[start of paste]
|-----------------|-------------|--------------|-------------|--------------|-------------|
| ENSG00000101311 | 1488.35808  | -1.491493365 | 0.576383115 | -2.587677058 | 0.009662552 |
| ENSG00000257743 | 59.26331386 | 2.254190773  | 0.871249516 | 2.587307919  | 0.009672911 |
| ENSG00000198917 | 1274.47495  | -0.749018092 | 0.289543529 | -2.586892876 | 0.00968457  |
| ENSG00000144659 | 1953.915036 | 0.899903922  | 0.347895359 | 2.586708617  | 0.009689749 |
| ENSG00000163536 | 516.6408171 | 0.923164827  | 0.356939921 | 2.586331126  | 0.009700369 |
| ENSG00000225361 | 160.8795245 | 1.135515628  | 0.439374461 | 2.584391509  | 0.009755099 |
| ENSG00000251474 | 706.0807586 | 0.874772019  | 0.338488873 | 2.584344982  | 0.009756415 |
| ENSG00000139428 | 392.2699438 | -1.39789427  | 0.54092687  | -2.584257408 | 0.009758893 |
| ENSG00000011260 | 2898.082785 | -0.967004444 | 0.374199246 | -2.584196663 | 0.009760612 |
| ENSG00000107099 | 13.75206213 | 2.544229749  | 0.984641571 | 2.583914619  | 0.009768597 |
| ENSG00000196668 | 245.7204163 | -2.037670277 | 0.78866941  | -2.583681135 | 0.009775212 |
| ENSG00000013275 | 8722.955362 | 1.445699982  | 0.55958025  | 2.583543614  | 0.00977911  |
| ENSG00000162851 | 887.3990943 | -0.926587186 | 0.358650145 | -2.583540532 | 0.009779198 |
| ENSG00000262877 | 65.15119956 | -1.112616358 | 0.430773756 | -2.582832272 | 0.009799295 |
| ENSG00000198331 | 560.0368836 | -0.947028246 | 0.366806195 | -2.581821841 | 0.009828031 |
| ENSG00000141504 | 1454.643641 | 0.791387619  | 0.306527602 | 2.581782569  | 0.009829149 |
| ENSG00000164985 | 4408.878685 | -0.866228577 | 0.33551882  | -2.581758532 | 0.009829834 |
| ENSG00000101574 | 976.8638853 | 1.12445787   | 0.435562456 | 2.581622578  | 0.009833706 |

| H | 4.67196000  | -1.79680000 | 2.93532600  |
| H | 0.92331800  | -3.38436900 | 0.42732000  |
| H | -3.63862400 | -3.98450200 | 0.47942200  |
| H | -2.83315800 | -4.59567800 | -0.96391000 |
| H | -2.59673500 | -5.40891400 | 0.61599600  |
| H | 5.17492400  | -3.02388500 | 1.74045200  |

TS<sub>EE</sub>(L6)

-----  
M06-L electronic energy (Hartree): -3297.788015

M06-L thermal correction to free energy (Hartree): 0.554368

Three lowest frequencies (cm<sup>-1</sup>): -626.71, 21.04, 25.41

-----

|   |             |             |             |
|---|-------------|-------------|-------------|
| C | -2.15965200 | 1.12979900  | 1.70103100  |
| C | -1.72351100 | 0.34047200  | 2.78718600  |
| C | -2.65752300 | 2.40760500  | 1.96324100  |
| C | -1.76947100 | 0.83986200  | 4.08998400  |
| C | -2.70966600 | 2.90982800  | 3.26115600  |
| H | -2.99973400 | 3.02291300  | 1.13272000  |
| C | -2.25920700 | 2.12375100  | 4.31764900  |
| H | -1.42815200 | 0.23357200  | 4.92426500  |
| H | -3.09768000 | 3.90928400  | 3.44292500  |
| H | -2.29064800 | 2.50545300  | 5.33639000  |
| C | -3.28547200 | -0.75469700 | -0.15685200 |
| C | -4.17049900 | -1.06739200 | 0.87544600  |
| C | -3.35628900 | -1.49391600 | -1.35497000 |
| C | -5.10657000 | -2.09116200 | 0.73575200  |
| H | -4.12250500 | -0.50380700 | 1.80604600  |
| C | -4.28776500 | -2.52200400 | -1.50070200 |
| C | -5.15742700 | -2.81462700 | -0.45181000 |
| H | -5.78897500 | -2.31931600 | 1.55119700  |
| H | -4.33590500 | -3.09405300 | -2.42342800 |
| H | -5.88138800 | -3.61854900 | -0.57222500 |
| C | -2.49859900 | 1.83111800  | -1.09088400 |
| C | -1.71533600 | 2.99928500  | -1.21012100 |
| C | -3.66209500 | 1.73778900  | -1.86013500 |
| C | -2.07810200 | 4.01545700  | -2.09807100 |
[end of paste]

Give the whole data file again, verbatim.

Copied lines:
|-----------------|-------------|--------------|-------------|--------------|-------------|
| ENSG00000101311 | 1488.35808  | -1.491493365 | 0.576383115 | -2.587677058 | 0.009662552 |
| ENSG00000257743 | 59.26331386 | 2.254190773  | 0.871249516 | 2.587307919  | 0.009672911 |
| ENSG00000198917 | 1274.47495  | -0.749018092 | 0.289543529 | -2.586892876 | 0.00968457  |
| ENSG00000144659 | 1953.915036 | 0.899903922  | 0.347895359 | 2.586708617  | 0.009689749 |
| ENSG00000163536 | 516.6408171 | 0.923164827  | 0.356939921 | 2.586331126  | 0.009700369 |
| ENSG00000225361 | 160.8795245 | 1.135515628  | 0.439374461 | 2.584391509  | 0.009755099 |
| ENSG00000251474 | 706.0807586 | 0.874772019  | 0.338488873 | 2.584344982  | 0.009756415 |
| ENSG00000139428 | 392.2699438 | -1.39789427  | 0.54092687  | -2.584257408 | 0.009758893 |
| ENSG00000011260 | 2898.082785 | -0.967004444 | 0.374199246 | -2.584196663 | 0.009760612 |
| ENSG00000107099 | 13.75206213 | 2.544229749  | 0.984641571 | 2.583914619  | 0.009768597 |
| ENSG00000196668 | 245.7204163 | -2.037670277 | 0.78866941  | -2.583681135 | 0.009775212 |
| ENSG00000013275 | 8722.955362 | 1.445699982  | 0.55958025  | 2.583543614  | 0.00977911  |
| ENSG00000162851 | 887.3990943 | -0.926587186 | 0.358650145 | -2.583540532 | 0.009779198 |
| ENSG00000262877 | 65.15119956 | -1.112616358 | 0.430773756 | -2.582832272 | 0.009799295 |
| ENSG00000198331 | 560.0368836 | -0.947028246 | 0.366806195 | -2.581821841 | 0.009828031 |
| ENSG00000141504 | 1454.643641 | 0.791387619  | 0.306527602 | 2.581782569  | 0.009829149 |
| ENSG00000164985 | 4408.878685 | -0.866228577 | 0.33551882  | -2.581758532 | 0.009829834 |
| ENSG00000101574 | 976.8638853 | 1.12445787   | 0.435562456 | 2.581622578  | 0.009833706 |

| H | 4.67196000  | -1.79680000 | 2.93532600  |
| H | 0.92331800  | -3.38436900 | 0.42732000  |
| H | -3.63862400 | -3.98450200 | 0.47942200  |
| H | -2.83315800 | -4.59567800 | -0.96391000 |
| H | -2.59673500 | -5.40891400 | 0.61599600  |
| H | 5.17492400  | -3.02388500 | 1.74045200  |

TS<sub>EE</sub>(L6)

-----  
M06-L electronic energy (Hartree): -3297.788015

M06-L thermal correction to free energy (Hartree): 0.554368

Three lowest frequencies (cm<sup>-1</sup>): -626.71, 21.04, 25.41

-----

|   |             |             |             |
|---|-------------|-------------|-------------|
| C | -2.15965200 | 1.12979900  | 1.70103100  |
| C | -1.72351100 | 0.34047200  | 2.78718600  |
| C | -2.65752300 | 2.40760500  | 1.96324100  |
| C | -1.76947100 | 0.83986200  | 4.08998400  |
| C | -2.70966600 | 2.90982800  | 3.26115600  |
| H | -2.99973400 | 3.02291300  | 1.13272000  |
| C | -2.25920700 | 2.12375100  | 4.31764900  |
| H | -1.42815200 | 0.23357200  | 4.92426500  |
| H | -3.09768000 | 3.90928400  | 3.44292500  |
| H | -2.29064800 | 2.50545300  | 5.33639000  |
| C | -3.28547200 | -0.75469700 | -0.15685200 |
| C | -4.17049900 | -1.06739200 | 0.87544600  |
| C | -3.35628900 | -1.49391600 | -1.35497000 |
| C | -5.10657000 | -2.09116200 | 0.73575200  |
| H | -4.12250500 | -0.50380700 | 1.80604600  |
| C | -4.28776500 | -2.52200400 | -1.50070200 |
| C | -5.15742700 | -2.81462700 | -0.45181000 |
| H | -5.78897500 | -2.31931600 | 1.55119700  |
| H | -4.33590500 | -3.09405300 | -2.42342800 |
| H | -5.88138800 | -3.61854900 | -0.57222500 |
| C | -2.49859900 | 1.83111800  | -1.09088400 |
| C | -1.71533600 | 2.99928500  | -1.21012100 |
| C | -3.66209500 | 1.73778900  | -1.86013500 |
| C | -2.07810200 | 4.01545700  | -2.09807100 |